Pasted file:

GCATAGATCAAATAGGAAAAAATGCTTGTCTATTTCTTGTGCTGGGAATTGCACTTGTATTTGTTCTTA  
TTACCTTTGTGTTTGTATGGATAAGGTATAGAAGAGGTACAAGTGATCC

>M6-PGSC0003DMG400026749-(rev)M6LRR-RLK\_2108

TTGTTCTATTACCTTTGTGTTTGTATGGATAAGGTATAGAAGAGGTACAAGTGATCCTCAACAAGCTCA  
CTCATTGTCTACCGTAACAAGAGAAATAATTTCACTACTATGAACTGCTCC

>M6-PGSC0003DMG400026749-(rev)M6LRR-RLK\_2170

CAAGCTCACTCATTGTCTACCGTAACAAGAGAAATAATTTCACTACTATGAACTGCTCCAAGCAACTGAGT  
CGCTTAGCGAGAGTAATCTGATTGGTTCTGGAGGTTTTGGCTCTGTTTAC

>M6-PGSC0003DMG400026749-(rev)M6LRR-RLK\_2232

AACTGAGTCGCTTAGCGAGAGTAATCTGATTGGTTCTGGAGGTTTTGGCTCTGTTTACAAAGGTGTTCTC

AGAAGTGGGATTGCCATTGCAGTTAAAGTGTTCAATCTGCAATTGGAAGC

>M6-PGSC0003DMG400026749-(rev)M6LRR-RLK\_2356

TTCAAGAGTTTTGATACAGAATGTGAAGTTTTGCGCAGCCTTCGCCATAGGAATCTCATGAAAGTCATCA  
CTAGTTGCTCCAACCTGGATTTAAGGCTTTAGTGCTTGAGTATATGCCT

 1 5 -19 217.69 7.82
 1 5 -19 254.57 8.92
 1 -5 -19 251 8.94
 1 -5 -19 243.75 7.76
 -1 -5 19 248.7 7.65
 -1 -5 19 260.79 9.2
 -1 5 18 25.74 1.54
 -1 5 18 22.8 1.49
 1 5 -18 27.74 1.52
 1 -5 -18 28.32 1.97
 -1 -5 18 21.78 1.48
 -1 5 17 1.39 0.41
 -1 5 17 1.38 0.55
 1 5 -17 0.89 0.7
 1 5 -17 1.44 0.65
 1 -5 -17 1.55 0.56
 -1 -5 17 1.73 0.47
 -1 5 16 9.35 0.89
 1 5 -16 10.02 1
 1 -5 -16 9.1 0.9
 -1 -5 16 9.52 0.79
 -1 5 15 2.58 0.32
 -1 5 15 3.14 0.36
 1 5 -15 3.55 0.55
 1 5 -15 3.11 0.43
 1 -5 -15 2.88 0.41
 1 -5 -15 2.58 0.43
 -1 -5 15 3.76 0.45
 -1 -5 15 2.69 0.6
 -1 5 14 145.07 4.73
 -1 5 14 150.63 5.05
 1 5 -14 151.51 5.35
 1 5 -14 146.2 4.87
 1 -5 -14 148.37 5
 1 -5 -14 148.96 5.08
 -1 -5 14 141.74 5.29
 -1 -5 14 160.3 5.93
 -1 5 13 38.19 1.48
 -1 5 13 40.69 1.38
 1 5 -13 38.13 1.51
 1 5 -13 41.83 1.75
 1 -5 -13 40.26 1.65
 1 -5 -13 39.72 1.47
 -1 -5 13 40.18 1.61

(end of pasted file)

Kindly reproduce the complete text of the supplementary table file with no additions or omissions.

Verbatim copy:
GCATAGATCAAATAGGAAAAAATGCTTGTCTATTTCTTGTGCTGGGAATTGCACTTGTATTTGTTCTTA  
TTACCTTTGTGTTTGTATGGATAAGGTATAGAAGAGGTACAAGTGATCC

>M6-PGSC0003DMG400026749-(rev)M6LRR-RLK\_2108

TTGTTCTATTACCTTTGTGTTTGTATGGATAAGGTATAGAAGAGGTACAAGTGATCCTCAACAAGCTCA  
CTCATTGTCTACCGTAACAAGAGAAATAATTTCACTACTATGAACTGCTCC

>M6-PGSC0003DMG400026749-(rev)M6LRR-RLK\_2170

CAAGCTCACTCATTGTCTACCGTAACAAGAGAAATAATTTCACTACTATGAACTGCTCCAAGCAACTGAGT  
CGCTTAGCGAGAGTAATCTGATTGGTTCTGGAGGTTTTGGCTCTGTTTAC

>M6-PGSC0003DMG400026749-(rev)M6LRR-RLK\_2232

AACTGAGTCGCTTAGCGAGAGTAATCTGATTGGTTCTGGAGGTTTTGGCTCTGTTTACAAAGGTGTTCTC

AGAAGTGGGATTGCCATTGCAGTTAAAGTGTTCAATCTGCAATTGGAAGC

>M6-PGSC0003DMG400026749-(rev)M6LRR-RLK\_2356

TTCAAGAGTTTTGATACAGAATGTGAAGTTTTGCGCAGCCTTCGCCATAGGAATCTCATGAAAGTCATCA  
CTAGTTGCTCCAACCTGGATTTAAGGCTTTAGTGCTTGAGTATATGCCT

 1 5 -19 217.69 7.82
 1 5 -19 254.57 8.92
 1 -5 -19 251 8.94
 1 -5 -19 243.75 7.76
 -1 -5 19 248.7 7.65
 -1 -5 19 260.79 9.2
 -1 5 18 25.74 1.54
 -1 5 18 22.8 1.49
 1 5 -18 27.74 1.52
 1 -5 -18 28.32 1.97
 -1 -5 18 21.78 1.48
 -1 5 17 1.39 0.41
 -1 5 17 1.38 0.55
 1 5 -17 0.89 0.7
 1 5 -17 1.44 0.65
 1 -5 -17 1.55 0.56
 -1 -5 17 1.73 0.47
 -1 5 16 9.35 0.89
 1 5 -16 10.02 1
 1 -5 -16 9.1 0.9
 -1 -5 16 9.52 0.79
 -1 5 15 2.58 0.32
 -1 5 15 3.14 0.36
 1 5 -15 3.55 0.55
 1 5 -15 3.11 0.43
 1 -5 -15 2.88 0.41
 1 -5 -15 2.58 0.43
 -1 -5 15 3.76 0.45
 -1 -5 15 2.69 0.6
 -1 5 14 145.07 4.73
 -1 5 14 150.63 5.05
 1 5 -14 151.51 5.35
 1 5 -14 146.2 4.87
 1 -5 -14 148.37 5
 1 -5 -14 148.96 5.08
 -1 -5 14 141.74 5.29
 -1 -5 14 160.3 5.93
 -1 5 13 38.19 1.48
 -1 5 13 40.69 1.38
 1 5 -13 38.13 1.51
 1 5 -13 41.83 1.75
 1 -5 -13 40.26 1.65
 1 -5 -13 39.72 1.47
 -1 -5 13 40.18 1.61